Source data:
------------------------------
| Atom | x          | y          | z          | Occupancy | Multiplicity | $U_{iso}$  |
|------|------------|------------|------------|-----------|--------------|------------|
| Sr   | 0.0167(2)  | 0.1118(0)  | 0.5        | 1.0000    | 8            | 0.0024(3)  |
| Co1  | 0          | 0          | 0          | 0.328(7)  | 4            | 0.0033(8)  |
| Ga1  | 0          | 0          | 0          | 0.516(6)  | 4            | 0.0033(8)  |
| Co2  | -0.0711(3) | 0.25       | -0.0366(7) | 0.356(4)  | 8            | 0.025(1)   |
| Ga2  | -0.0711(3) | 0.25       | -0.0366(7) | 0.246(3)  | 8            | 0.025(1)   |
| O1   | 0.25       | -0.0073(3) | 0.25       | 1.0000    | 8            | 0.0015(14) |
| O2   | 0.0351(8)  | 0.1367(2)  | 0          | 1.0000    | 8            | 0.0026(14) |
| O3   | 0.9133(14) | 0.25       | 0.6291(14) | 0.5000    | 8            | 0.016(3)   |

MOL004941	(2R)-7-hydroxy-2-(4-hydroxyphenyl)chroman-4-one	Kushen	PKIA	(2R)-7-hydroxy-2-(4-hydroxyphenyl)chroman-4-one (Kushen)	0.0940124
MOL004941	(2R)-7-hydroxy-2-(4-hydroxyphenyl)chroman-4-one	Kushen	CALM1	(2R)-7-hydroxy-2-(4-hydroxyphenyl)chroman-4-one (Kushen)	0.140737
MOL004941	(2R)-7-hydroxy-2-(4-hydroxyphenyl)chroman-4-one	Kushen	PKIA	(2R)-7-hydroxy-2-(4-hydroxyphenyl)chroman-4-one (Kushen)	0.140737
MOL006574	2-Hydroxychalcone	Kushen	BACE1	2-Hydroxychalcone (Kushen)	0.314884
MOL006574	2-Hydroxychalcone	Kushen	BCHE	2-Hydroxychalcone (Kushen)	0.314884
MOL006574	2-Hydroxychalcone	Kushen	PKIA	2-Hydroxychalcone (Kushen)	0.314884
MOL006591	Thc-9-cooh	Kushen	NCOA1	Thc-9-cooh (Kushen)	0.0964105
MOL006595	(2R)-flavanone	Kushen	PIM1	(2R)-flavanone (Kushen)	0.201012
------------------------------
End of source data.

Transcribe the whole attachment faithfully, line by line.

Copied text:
| Atom | x          | y          | z          | Occupancy | Multiplicity | $U_{iso}$  |
|------|------------|------------|------------|-----------|--------------|------------|
| Sr   | 0.0167(2)  | 0.1118(0)  | 0.5        | 1.0000    | 8            | 0.0024(3)  |
| Co1  | 0          | 0          | 0          | 0.328(7)  | 4            | 0.0033(8)  |
| Ga1  | 0          | 0          | 0          | 0.516(6)  | 4            | 0.0033(8)  |
| Co2  | -0.0711(3) | 0.25       | -0.0366(7) | 0.356(4)  | 8            | 0.025(1)   |
| Ga2  | -0.0711(3) | 0.25       | -0.0366(7) | 0.246(3)  | 8            | 0.025(1)   |
| O1   | 0.25       | -0.0073(3) | 0.25       | 1.0000    | 8            | 0.0015(14) |
| O2   | 0.0351(8)  | 0.1367(2)  | 0          | 1.0000    | 8            | 0.0026(14) |
| O3   | 0.9133(14) | 0.25       | 0.6291(14) | 0.5000    | 8            | 0.016(3)   |

MOL004941	(2R)-7-hydroxy-2-(4-hydroxyphenyl)chroman-4-one	Kushen	PKIA	(2R)-7-hydroxy-2-(4-hydroxyphenyl)chroman-4-one (Kushen)	0.0940124
MOL004941	(2R)-7-hydroxy-2-(4-hydroxyphenyl)chroman-4-one	Kushen	CALM1	(2R)-7-hydroxy-2-(4-hydroxyphenyl)chroman-4-one (Kushen)	0.140737
MOL004941	(2R)-7-hydroxy-2-(4-hydroxyphenyl)chroman-4-one	Kushen	PKIA	(2R)-7-hydroxy-2-(4-hydroxyphenyl)chroman-4-one (Kushen)	0.140737
MOL006574	2-Hydroxychalcone	Kushen	BACE1	2-Hydroxychalcone (Kushen)	0.314884
MOL006574	2-Hydroxychalcone	Kushen	BCHE	2-Hydroxychalcone (Kushen)	0.314884
MOL006574	2-Hydroxychalcone	Kushen	PKIA	2-Hydroxychalcone (Kushen)	0.314884
MOL006591	Thc-9-cooh	Kushen	NCOA1	Thc-9-cooh (Kushen)	0.0964105
MOL006595	(2R)-flavanone	Kushen	PIM1	(2R)-flavanone (Kushen)	0.201012